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Tuesday, November 19, 2019

“I’ll Take That One” #NAAM2019


So how does this work? 

By Trace L Hentz (excerpt from One Small Sacrifice)

Was I like a lost-and-found item in a department store then put out on display? Did strangers come in, spot me and point, “I’ll take that one.” How did they know it was me they wanted? Why me in particular? It’s not like an interview if I can’t talk yet.

Actually, my parents didn’t choose me. I was available and the Catholic Charities people brought me to them and sold them on me. After this transaction, I became invisible, unidentifiable and perfectly suited to blend in with all the other children. I was in a real sense legal property, given a new name and identity and supposedly matched to look like my adoptive parents.

How strange, really. Then I’m supposed to thank them and love them for buying me and giving me a home.  Of course I did.

There must be a rule book on this somewhere, right?

My birthmother Helen was Catholic. Marriage was an institution, central to many religions. Had this religion instructed everyone to judge a woman with an illegitimate child? Make this baby a sacrificial lamb? Did they say to her, “You get a do-over if you abandon your baby…No one will ever know they existed….You’ll never find a husband with a bastard kid.”

It was different in Indian Country. Native women would choose a father for her children and if he didn’t work, she’d choose another one. For many Native mothers, the rule book changed when organized religions took over. Native mothers had many things working against them, like poverty and oppression, and the wrong ideas about savage Indians.

I finally saw the myths created for me. Gratitude is easy when you’re young. Impossible when you’re an adult. My gratitude silenced me, almost permanently.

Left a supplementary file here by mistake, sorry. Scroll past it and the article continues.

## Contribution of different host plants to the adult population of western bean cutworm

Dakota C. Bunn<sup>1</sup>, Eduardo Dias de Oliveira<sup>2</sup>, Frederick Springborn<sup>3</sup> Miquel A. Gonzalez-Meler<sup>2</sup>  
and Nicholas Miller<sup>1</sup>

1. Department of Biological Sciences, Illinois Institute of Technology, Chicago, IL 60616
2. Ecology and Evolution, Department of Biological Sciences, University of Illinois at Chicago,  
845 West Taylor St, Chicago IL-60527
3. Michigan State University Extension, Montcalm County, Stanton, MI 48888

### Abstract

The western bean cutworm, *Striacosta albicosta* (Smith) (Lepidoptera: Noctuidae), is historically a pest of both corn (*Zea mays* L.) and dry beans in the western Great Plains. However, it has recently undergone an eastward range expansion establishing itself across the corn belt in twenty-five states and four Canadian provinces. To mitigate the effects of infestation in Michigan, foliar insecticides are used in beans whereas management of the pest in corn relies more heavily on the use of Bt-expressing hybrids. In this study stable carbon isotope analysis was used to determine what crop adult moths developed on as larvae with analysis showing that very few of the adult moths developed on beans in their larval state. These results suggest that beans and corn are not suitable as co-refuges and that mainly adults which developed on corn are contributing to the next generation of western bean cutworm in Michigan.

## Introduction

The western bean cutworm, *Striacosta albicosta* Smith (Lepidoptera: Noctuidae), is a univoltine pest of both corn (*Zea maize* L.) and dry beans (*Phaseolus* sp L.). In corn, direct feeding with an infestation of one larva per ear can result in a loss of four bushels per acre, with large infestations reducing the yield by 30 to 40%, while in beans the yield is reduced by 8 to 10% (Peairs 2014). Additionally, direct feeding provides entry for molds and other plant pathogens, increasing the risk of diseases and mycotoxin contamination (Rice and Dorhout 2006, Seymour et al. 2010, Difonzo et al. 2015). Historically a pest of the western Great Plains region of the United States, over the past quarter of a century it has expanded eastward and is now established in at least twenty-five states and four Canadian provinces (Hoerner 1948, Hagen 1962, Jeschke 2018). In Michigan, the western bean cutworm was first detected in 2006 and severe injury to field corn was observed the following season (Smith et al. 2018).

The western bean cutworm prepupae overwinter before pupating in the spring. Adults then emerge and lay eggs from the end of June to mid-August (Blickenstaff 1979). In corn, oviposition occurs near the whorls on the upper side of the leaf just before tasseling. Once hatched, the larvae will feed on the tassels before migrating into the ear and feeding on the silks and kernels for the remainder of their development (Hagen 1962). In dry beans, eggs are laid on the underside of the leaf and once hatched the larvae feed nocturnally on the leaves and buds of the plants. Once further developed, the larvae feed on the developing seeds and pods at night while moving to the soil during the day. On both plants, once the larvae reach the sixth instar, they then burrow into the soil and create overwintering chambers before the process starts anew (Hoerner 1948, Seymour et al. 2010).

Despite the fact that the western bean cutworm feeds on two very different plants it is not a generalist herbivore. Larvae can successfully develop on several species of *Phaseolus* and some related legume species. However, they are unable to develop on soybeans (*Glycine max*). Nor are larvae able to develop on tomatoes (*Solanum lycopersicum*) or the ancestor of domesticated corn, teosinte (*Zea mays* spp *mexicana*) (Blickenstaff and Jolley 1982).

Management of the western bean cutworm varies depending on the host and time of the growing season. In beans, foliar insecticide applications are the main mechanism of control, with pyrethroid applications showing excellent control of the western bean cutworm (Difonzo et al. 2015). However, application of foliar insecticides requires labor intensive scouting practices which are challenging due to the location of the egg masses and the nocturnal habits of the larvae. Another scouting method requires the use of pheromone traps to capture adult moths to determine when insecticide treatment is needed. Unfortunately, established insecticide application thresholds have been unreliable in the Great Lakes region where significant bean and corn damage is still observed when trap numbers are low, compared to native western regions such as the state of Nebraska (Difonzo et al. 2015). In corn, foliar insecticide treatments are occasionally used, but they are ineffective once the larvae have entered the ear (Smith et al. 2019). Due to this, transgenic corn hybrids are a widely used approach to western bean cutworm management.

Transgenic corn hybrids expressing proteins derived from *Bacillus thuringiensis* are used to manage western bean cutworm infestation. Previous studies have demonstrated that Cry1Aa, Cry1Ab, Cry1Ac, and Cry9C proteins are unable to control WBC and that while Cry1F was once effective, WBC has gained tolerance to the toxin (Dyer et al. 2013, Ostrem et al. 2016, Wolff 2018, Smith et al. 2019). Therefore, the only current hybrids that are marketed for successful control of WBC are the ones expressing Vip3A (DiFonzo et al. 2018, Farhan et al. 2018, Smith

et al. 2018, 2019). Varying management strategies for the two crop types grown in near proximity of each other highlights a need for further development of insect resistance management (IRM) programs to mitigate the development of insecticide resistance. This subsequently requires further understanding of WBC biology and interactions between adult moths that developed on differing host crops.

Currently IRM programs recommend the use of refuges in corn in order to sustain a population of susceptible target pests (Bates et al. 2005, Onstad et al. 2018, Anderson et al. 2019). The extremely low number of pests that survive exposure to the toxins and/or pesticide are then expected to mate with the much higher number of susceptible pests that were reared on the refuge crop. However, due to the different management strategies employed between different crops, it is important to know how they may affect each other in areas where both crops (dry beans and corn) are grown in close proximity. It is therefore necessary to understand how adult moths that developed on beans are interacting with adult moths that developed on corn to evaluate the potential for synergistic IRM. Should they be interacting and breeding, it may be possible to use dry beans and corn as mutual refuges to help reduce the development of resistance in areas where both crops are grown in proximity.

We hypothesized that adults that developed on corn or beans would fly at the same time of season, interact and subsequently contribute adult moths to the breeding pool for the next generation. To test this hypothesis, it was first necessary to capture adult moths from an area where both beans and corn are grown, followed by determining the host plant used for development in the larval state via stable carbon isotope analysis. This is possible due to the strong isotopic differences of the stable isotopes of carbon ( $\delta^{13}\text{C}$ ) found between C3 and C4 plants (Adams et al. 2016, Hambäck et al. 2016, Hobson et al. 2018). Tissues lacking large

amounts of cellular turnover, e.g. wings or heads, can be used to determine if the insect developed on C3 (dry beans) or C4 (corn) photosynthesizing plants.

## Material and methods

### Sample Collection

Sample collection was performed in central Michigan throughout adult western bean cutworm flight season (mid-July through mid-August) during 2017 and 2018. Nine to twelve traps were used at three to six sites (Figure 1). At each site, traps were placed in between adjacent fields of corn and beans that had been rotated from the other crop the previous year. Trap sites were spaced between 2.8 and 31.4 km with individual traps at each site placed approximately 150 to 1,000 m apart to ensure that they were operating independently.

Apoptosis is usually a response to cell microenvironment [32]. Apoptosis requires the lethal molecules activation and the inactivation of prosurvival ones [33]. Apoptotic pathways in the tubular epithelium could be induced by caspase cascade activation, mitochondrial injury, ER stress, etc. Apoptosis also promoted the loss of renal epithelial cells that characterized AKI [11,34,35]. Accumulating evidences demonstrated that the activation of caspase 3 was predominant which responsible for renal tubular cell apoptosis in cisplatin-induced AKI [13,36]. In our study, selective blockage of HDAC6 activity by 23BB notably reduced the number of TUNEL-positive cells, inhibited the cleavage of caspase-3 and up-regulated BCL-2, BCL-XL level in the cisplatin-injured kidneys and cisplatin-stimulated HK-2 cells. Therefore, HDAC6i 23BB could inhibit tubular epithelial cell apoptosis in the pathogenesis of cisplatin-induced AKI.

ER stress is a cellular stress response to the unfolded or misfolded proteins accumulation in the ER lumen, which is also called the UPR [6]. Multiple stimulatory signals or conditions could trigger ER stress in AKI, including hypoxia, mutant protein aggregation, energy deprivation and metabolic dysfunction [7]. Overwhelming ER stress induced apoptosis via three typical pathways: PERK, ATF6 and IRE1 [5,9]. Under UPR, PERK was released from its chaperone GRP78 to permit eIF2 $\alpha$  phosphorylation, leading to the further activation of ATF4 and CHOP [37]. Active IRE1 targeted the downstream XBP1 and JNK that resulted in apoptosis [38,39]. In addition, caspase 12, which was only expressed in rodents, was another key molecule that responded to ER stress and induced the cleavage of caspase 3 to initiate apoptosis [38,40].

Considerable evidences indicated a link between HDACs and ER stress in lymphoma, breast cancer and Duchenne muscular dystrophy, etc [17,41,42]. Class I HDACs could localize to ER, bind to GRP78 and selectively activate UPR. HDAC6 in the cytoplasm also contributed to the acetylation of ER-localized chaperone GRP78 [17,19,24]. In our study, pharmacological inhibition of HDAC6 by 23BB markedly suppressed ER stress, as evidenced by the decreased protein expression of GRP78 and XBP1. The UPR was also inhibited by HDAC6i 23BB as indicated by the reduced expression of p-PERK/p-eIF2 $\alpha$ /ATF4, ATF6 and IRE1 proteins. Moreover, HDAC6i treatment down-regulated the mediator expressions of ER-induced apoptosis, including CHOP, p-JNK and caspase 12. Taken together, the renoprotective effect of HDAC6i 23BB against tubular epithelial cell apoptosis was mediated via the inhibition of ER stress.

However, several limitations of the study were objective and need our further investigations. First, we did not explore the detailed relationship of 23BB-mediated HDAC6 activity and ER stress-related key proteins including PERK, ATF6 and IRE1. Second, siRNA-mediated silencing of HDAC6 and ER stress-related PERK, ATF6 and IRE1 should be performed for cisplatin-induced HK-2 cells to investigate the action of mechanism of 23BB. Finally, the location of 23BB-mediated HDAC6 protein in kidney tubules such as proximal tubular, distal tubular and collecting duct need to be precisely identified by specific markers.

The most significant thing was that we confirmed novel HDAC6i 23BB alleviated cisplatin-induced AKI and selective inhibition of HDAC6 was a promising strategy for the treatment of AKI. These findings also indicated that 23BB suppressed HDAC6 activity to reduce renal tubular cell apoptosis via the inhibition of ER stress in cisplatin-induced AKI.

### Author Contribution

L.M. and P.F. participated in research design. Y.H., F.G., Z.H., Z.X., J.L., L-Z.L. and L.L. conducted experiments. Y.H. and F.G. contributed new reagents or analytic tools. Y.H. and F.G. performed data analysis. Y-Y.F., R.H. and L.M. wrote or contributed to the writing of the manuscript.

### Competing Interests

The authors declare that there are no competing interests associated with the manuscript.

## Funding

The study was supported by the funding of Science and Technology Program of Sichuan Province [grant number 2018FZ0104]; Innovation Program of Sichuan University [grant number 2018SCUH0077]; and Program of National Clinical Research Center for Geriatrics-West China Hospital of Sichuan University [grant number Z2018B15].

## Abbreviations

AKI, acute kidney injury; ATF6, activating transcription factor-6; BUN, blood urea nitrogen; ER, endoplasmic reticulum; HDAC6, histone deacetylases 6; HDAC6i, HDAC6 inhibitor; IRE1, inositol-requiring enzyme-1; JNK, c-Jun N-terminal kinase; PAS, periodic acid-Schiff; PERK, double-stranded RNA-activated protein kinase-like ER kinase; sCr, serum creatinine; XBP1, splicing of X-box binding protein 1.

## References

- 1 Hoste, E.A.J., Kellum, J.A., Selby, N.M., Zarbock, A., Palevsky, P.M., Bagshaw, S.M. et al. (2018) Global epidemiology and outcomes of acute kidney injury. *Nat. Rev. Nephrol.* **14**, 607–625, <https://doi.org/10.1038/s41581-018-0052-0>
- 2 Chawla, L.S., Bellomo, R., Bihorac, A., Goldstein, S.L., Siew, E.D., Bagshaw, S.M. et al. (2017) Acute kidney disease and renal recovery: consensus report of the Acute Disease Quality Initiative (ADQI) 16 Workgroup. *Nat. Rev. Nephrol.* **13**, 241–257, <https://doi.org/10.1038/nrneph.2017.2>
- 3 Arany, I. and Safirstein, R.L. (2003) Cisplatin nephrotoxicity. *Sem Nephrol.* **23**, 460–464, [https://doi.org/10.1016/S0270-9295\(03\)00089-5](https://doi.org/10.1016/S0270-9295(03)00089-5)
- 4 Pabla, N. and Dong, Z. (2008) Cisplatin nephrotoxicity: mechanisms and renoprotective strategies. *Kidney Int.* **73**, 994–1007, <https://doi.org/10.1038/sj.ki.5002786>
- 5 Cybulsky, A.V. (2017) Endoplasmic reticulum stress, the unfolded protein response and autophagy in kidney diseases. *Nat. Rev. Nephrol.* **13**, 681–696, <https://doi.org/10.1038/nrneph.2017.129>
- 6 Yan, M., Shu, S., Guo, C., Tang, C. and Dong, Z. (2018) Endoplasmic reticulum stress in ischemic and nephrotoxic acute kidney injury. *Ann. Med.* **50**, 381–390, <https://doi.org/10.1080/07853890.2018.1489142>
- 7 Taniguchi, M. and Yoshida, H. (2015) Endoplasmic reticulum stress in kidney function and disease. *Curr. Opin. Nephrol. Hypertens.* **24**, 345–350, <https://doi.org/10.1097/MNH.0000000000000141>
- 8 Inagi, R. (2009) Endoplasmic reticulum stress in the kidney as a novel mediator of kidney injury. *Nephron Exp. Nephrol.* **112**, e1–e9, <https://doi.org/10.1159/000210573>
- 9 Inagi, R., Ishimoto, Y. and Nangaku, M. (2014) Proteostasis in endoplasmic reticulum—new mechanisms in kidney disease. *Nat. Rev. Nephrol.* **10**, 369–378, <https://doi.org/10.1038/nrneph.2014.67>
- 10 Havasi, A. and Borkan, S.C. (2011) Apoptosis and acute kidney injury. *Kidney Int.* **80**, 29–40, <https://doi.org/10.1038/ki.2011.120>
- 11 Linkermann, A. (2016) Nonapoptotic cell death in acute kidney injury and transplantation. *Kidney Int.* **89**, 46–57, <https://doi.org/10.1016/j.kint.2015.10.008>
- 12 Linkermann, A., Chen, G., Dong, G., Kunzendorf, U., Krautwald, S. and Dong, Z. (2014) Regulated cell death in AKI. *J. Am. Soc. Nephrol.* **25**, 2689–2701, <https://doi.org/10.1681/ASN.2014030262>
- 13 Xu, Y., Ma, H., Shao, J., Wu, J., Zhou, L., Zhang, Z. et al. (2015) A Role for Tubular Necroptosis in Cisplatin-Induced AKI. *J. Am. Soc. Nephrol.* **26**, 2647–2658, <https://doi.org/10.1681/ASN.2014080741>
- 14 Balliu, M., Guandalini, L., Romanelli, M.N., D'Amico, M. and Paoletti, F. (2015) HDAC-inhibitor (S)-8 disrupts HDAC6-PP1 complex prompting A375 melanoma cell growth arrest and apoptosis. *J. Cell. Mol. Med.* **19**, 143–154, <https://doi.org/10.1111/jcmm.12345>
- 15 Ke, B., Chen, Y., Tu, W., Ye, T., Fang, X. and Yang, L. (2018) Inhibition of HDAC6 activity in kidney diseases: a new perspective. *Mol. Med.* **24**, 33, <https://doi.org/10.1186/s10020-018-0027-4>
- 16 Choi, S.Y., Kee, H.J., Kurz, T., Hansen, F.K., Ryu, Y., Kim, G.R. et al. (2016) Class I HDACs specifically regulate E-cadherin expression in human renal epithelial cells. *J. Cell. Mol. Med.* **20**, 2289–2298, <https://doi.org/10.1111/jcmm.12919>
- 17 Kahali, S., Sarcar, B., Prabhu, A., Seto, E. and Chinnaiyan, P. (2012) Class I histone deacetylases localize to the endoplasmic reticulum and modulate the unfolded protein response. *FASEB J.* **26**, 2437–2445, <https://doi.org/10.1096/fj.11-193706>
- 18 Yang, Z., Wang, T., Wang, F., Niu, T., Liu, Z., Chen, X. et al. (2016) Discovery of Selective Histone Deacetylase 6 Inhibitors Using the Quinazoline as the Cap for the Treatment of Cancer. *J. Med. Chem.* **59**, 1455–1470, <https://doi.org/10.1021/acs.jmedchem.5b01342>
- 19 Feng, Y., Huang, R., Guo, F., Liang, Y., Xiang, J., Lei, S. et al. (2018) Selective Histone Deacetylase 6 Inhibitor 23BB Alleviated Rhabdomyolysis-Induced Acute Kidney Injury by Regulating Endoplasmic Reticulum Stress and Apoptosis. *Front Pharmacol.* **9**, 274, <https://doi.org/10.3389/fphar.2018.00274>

When I reached adulthood, the words “this was done in your best interest” felt like pure nonsense. 

Clearly that wasn’t enough information to build a life on.

I was not their legal property but a human being.

[I am working on my memoir again... adding more history]

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Indian Country is under attack. Native tribes and people are fighting hard for justice. There is need for legal assistance across Indian Country, and NARF is doing as much as we can. With your help, we have fought for 48 years and we continue to fight.

It is hard to understand the extent of the attacks on Indian Country. We are sending a short series of emails this month with a few examples of attacks that are happening across Indian Country and how we are standing firm for justice.

Today, we look at recent effort to undo laws put in place to protect Native American children and families. All children deserve to be raised by loving families and communities. In the 1970s, Congress realized that state agencies and courts were disproportionately removing American Indian and Alaska Native children from their families. Often these devastating removals were due to an inability or unwillingness to understand Native cultures, where family is defined broadly and raising children is a shared responsibility. To stop these destructive practices, Congress passed the Indian Child Welfare Act (ICWA).

After forty years, ICWA has proven to be largely successful and many states have passed their own ICWAs. This success, however, is now being challenged by large, well-financed opponents who are actively and aggressively seeking to undermine ICWA’s protections for Native children. We are seeing lawsuits across the United States that challenge ICWA’s protections. NARF is working with partners to defend the rights of Native children and families.

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where were you adopted?

where were you adopted?